By 1.30pm the dishes were done again, tables and benches wiped again, laundry that had been sitting in the basket for days was folded and put away, and I tidied my bedroom, which had been looking decidedly worse for wear.
Finally, I could escape into the garden for a bit of R&R. Again, as with the house, I feel that garden rescue should start with the most public areas, so started with the garden bed right by the front of the house, and also weeded the gravel path. Word to the wise. Don't put in a gravel path, unless you want to start a plant nursery. Plants self-seed in a gravel path like it is the most expensive seed mix. Honestly, if you want to propagate a difficult plant, just shake the seeds over any old gravel path, and you will have instant success.
At 2.30pm the grannies arrived for afternoon tea. Yes, my parents bought a house, lived with us for a month, and moved in last week! It is a house with the most adorable little garden, with dozens of rose bushes, and hundreds of daffodils, and yes, that may have had a tiny bit of bearing on my wholehearted recommendation of the property.. now I have two gardens to play in:)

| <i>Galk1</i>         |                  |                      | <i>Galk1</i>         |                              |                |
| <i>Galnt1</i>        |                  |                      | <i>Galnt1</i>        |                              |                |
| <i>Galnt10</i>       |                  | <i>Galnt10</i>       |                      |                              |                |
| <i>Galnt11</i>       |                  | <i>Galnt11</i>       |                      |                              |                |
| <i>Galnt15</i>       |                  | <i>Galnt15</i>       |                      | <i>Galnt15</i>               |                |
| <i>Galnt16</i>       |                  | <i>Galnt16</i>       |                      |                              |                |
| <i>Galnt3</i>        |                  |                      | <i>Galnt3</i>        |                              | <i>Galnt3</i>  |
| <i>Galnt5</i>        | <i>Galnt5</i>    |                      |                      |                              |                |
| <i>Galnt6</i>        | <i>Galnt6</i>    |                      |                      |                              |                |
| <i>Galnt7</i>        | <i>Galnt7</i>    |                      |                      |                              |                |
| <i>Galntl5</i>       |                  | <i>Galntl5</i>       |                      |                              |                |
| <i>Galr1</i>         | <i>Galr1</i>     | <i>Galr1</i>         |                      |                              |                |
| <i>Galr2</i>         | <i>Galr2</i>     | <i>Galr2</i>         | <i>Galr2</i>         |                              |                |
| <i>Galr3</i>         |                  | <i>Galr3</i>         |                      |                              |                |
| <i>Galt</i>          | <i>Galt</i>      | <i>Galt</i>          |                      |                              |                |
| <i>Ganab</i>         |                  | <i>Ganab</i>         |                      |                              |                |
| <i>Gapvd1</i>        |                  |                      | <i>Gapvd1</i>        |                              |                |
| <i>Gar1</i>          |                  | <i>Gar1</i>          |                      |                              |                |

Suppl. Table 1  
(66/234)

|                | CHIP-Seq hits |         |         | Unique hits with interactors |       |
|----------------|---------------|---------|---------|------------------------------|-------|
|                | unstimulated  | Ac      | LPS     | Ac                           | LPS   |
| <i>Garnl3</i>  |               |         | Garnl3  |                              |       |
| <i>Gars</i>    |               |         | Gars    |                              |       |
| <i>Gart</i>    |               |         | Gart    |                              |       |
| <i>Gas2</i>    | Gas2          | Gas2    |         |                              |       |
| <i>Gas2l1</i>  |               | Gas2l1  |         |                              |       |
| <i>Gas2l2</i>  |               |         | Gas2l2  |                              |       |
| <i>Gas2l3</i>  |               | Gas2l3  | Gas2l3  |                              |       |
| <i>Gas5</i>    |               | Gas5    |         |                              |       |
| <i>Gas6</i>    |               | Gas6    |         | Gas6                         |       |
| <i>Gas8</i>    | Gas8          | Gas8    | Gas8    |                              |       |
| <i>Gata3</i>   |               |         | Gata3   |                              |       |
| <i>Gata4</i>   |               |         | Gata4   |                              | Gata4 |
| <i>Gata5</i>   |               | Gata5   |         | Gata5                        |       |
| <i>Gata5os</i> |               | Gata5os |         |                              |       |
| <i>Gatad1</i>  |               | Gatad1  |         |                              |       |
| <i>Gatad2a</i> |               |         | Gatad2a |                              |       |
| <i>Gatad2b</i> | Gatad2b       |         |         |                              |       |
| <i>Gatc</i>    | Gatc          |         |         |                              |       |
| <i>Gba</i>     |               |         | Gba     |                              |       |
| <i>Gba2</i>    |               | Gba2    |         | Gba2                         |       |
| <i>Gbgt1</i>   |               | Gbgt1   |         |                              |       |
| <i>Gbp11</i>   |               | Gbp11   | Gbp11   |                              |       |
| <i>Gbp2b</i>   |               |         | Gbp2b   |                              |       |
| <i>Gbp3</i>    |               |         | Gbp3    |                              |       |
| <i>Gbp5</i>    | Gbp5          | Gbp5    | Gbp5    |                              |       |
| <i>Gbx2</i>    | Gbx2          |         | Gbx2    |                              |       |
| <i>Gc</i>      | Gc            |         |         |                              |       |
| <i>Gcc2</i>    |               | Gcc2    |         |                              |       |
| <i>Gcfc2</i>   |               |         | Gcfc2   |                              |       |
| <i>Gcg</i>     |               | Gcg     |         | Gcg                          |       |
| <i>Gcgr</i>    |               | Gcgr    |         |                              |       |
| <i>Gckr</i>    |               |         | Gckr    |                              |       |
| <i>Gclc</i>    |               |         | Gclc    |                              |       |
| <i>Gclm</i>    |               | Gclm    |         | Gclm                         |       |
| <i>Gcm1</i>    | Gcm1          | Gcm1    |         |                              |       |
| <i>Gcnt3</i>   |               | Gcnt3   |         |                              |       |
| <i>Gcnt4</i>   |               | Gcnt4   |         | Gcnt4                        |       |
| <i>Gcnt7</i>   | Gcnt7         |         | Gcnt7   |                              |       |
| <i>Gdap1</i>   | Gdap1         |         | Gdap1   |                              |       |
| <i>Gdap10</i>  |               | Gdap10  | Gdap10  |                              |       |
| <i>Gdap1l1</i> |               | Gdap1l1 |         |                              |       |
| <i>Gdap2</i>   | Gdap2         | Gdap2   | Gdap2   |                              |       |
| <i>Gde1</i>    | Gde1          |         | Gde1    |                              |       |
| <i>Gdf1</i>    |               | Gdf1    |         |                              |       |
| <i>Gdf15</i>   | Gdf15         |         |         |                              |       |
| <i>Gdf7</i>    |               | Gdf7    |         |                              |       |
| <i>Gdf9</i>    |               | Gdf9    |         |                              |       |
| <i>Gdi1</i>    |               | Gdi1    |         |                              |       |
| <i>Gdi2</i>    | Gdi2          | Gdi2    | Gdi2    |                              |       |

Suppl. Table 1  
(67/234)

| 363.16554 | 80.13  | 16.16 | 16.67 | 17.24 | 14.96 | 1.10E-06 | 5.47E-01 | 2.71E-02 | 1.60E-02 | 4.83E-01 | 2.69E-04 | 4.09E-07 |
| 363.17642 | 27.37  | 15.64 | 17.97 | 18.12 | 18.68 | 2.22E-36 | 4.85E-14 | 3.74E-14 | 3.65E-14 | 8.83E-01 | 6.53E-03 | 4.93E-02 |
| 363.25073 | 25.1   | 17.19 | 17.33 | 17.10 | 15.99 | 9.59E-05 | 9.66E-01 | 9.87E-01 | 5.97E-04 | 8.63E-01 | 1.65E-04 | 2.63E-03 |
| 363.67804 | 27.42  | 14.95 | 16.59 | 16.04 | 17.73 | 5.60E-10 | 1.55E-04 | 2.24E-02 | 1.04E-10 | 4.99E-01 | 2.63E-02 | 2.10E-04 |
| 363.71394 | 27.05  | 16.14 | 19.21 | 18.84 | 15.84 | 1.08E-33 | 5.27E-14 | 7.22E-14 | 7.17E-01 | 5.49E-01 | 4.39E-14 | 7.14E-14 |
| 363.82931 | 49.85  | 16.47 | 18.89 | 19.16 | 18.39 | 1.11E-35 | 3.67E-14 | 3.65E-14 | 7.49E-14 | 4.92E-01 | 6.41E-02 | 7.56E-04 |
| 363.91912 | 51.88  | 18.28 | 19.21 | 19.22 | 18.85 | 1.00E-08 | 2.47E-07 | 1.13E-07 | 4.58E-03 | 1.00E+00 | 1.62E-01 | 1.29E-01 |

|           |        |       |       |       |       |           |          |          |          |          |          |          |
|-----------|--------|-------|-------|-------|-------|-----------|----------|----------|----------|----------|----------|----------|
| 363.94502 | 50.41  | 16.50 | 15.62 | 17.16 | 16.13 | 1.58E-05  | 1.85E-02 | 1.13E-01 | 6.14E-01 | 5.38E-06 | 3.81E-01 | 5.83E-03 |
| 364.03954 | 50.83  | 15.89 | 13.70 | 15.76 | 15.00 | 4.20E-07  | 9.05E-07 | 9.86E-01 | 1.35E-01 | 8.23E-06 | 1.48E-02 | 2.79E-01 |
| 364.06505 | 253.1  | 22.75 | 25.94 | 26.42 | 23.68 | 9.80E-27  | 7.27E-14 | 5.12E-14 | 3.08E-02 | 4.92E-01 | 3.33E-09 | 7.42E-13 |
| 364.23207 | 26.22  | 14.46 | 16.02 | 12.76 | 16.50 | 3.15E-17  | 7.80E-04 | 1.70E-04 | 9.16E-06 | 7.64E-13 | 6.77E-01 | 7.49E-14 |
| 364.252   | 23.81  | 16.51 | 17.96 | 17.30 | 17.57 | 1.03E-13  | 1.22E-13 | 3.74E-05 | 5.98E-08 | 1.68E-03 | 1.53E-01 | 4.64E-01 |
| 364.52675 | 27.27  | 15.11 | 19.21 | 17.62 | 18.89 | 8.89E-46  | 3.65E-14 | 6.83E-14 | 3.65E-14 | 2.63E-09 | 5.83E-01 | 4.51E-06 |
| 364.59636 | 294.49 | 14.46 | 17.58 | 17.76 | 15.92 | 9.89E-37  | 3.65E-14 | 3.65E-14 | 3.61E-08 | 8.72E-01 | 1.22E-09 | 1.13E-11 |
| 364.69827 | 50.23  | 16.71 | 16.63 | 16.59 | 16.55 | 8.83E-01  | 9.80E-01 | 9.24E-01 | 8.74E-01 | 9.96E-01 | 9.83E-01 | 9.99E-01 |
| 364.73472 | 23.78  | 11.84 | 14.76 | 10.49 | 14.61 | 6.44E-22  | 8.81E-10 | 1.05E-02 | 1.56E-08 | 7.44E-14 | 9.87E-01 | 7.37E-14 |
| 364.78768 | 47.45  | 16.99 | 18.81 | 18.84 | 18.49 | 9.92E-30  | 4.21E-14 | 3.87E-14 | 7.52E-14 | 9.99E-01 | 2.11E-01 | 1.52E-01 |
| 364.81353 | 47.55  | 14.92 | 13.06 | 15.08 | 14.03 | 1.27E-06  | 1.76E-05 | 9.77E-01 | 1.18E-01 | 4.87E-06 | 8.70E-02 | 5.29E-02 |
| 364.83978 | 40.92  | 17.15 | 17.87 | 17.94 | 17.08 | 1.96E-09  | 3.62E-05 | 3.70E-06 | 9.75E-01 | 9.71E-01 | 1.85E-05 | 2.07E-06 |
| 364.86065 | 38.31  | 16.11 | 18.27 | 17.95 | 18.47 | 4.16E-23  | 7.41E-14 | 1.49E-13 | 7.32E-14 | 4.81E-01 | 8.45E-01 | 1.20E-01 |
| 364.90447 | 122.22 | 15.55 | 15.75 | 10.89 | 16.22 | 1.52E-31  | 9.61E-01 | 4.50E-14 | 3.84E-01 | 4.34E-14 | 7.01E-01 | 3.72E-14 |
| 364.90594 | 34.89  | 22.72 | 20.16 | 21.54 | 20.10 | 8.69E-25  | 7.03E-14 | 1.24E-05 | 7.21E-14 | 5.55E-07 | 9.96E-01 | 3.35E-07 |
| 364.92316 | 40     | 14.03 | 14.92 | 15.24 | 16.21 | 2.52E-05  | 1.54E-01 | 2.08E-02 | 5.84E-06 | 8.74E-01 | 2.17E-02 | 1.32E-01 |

After the grannies left, I walked the dog, finished weeding the path, and then realised my clockwork had run down for the day. Served left-overs for dinner, did the dishes again, washed my hair, and was in bed by 8.30pm with my book.
I am loving the holidays! Hard work of a different kind, on my own schedule, out in the sunshine, and at the end of it I forsee a sparkling house and a happy garden.
Posy attempting to avoid chores by pretending to be asleep in the hammock with the dog..
Tired, but determinedly cheerful mother of four. One grown up son (The Boy), one grown up daughter (The Girl), two girls at home, Rosy (17) and Posy (13). Trying to buy a little less, make a little more, live a little lighter, not mess up the children too much.. and now extra frugal adventures with Partner Paul..